Giant – Symbol of the winter

Giant – Symbol of the winter

Protect the bride and keep the spring safe

With the arrival of the giant on the scene, everyone is aware of his intention to steal the Aroos-e Gooli. They come straight to the front and fight with him with dance performances. The giant struggles with men at first and goes to the women after they fall asleep. Everyone wants to protect the bride and keep the spring safe.

So, women cling their skirts to their waist and go to the giant battle. But the giant is strong and nobody dares to fight him. So they collapse one after another and fall asleep. The last woman who goes to fight him will cover the Aroos-e Gooli with a cloth. The bride remains silent and immovable until her life is safe. When the giant sleeps everyone, she looks for the Aroos-e Gooli. He goes from one end of the scene to the other end and turns around, but he does not find the bride. Suddenly, another man, named Pir-e Baba (old father) wielding a wooden stick, comes to fight with him. He symbolizes one year of experience and knows better than anyone how to keep the bride safe.

Aroos-e Gooli

In the old days, Pir-e Baba or Pir-e Baboo used to wear old clothes and a white beard made of goat's skin or horsetail. Sometimes they used to cover his face in black like the giant and put a cardboard hat on his head and hang the bell from his clothes. In some of the shows, he had a cudgel to use for the bride’s protection. The battle of Pir-e Baba and the giant is the most important part of the play. The experience of one year of work must defeat the winter in order to see the spring again.

The giants and Pir-e Baba spin around each other and fight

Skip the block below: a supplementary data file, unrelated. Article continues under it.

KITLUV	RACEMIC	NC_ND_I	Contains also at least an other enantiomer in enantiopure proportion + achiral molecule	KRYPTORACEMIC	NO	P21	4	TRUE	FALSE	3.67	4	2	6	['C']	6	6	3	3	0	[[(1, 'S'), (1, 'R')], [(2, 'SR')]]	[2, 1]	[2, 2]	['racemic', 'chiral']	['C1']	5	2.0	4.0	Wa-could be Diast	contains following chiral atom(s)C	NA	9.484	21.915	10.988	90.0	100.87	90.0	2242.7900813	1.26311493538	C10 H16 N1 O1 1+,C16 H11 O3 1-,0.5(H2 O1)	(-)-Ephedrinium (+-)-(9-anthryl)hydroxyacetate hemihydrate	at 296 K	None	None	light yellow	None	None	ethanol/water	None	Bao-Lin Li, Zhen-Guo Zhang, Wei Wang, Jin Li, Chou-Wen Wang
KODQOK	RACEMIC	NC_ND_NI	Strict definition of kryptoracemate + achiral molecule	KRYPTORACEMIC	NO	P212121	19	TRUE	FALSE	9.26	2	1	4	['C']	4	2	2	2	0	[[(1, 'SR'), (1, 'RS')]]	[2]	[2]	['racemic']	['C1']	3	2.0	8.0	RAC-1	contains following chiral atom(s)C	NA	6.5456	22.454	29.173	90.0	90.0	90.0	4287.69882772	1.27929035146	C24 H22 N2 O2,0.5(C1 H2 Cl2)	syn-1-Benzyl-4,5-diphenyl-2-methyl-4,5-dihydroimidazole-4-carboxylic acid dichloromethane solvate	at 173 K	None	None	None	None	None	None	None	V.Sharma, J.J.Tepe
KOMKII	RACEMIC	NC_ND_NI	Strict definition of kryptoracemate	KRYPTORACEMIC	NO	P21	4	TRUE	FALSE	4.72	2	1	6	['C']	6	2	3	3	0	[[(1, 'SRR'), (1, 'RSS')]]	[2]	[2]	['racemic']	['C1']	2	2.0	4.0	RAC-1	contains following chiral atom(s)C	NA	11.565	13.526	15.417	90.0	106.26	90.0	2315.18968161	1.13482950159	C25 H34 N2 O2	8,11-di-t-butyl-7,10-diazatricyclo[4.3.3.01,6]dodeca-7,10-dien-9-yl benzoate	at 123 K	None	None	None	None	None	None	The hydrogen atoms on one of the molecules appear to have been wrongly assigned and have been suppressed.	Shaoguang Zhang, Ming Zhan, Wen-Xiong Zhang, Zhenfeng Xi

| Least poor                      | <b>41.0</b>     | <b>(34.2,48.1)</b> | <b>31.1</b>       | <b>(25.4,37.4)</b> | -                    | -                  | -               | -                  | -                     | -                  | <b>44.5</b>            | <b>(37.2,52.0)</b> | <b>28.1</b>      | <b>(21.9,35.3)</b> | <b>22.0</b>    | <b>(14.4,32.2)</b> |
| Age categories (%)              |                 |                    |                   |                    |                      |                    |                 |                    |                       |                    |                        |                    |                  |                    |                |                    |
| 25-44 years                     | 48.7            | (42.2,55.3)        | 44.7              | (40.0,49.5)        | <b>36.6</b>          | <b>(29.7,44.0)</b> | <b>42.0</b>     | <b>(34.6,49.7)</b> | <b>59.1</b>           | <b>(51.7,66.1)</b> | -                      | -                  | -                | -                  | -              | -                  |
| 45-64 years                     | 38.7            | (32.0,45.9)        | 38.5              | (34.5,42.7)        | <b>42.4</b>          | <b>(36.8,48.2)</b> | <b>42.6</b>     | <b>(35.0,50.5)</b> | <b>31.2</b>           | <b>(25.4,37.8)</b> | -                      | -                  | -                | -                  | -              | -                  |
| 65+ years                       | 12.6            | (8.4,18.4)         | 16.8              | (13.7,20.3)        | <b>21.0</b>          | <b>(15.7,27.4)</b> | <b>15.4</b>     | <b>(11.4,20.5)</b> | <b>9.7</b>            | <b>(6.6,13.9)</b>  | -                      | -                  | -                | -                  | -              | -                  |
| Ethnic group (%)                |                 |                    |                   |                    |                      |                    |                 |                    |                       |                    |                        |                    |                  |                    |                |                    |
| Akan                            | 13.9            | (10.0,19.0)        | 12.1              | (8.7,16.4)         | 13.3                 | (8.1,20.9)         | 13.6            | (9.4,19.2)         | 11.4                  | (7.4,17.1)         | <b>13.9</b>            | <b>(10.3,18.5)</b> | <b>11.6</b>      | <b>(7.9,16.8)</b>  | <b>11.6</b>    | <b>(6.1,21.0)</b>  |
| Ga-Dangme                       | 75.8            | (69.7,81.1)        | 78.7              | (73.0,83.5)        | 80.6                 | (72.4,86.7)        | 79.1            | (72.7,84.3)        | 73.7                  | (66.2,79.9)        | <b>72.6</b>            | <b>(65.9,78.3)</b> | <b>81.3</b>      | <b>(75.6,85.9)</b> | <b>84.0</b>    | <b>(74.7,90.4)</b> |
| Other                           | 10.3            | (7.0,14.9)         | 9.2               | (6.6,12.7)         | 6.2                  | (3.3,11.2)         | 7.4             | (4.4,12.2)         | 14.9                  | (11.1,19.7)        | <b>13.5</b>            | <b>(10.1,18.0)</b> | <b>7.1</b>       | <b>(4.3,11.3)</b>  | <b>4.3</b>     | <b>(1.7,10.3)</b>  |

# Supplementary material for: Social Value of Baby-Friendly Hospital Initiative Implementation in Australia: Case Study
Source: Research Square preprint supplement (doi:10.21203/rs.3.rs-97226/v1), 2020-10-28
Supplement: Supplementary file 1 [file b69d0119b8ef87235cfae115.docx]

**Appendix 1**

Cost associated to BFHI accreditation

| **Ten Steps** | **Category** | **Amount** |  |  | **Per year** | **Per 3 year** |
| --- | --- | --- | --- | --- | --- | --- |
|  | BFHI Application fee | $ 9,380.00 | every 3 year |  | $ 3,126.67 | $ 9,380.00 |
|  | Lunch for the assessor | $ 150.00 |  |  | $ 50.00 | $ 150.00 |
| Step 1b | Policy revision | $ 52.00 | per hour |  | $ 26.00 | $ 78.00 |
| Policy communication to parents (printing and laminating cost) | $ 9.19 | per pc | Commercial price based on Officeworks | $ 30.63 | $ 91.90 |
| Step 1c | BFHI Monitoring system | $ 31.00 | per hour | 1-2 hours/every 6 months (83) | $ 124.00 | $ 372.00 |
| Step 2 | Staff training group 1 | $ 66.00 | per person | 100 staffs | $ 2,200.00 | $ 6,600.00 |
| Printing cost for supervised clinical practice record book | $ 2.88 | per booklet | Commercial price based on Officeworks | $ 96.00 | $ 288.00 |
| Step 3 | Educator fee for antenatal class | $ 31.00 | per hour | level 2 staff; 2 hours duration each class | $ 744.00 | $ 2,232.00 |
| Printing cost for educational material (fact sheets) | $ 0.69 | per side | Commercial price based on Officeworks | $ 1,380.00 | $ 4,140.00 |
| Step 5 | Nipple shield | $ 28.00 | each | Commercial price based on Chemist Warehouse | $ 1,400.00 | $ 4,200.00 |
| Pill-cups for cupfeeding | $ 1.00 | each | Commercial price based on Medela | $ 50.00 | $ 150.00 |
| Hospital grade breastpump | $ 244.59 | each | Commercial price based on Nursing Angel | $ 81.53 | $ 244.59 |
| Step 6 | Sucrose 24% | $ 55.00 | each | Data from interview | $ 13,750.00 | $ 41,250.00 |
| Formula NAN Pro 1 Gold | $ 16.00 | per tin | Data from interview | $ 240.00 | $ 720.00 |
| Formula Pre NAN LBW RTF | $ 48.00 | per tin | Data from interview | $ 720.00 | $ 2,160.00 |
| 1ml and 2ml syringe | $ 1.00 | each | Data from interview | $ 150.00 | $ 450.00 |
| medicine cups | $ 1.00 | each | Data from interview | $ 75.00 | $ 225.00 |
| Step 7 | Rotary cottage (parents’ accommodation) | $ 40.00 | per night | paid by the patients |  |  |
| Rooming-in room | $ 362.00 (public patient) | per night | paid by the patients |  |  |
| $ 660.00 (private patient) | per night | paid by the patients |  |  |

Pir-e Baba tries to hit the giant with his stick but he cannot manage. He loses his stick and fights with his empty hands. They stick to each other and turn around. Once, Pir-e Baba is thrown off and once the giant falls. They are both experienced and strong. They join in tug of war. They grab each other’s shoulders and turn around. This is the time when the battle should be won; Pir-e Baba raises the giant on his hands and knocks him down. The giant is hurt and falls into the corner and does not resist. Pir-e Baba takes his stick out and slaps the giant so much so that he cannot breathe.

Aroos-e Gooli

A Season in song and dance

When it is done with the giant, it is time to find Aroos-e Gooli. Pir-e Baba looks for Aroos-e Gooli with concern and runs to each corner of the scene, shouting her name. By hearing the sound of fife (kind of flute), Pir-e Baba looks around and sees the bride coming out of the cover with playing a fife. Now it is the time to start working. The spring bride, along with the experienced Pir-e Baba, runs to each individual and wakes them up. Everyone who wakes up does his job so that everyone will work together again. Here, the band is entering the scene and joins the other actors; one plays Dohol (a kind of drum) and someone else play Sorna (a kind of hornpipe). They all dance around the body of the giant and sing the local song of Aroos-e Gooli.

People can now work again and live with the spring bride. Aroos-e Gooli goes to each person and plays the fife for them to make them hopeful and eager for work. The battle with the winter is over and the spring has come; something that has been happening for centuries every year and has never changed. But the Gilani people are waiting for Pir-e Baba every year to take the winter down, and spring will come back desirably. They want to see Aroos-e Gooli again, in their gardens and grasslands in the early Farvardin (late march).


A short video of Aroos-e Gooli in Gilan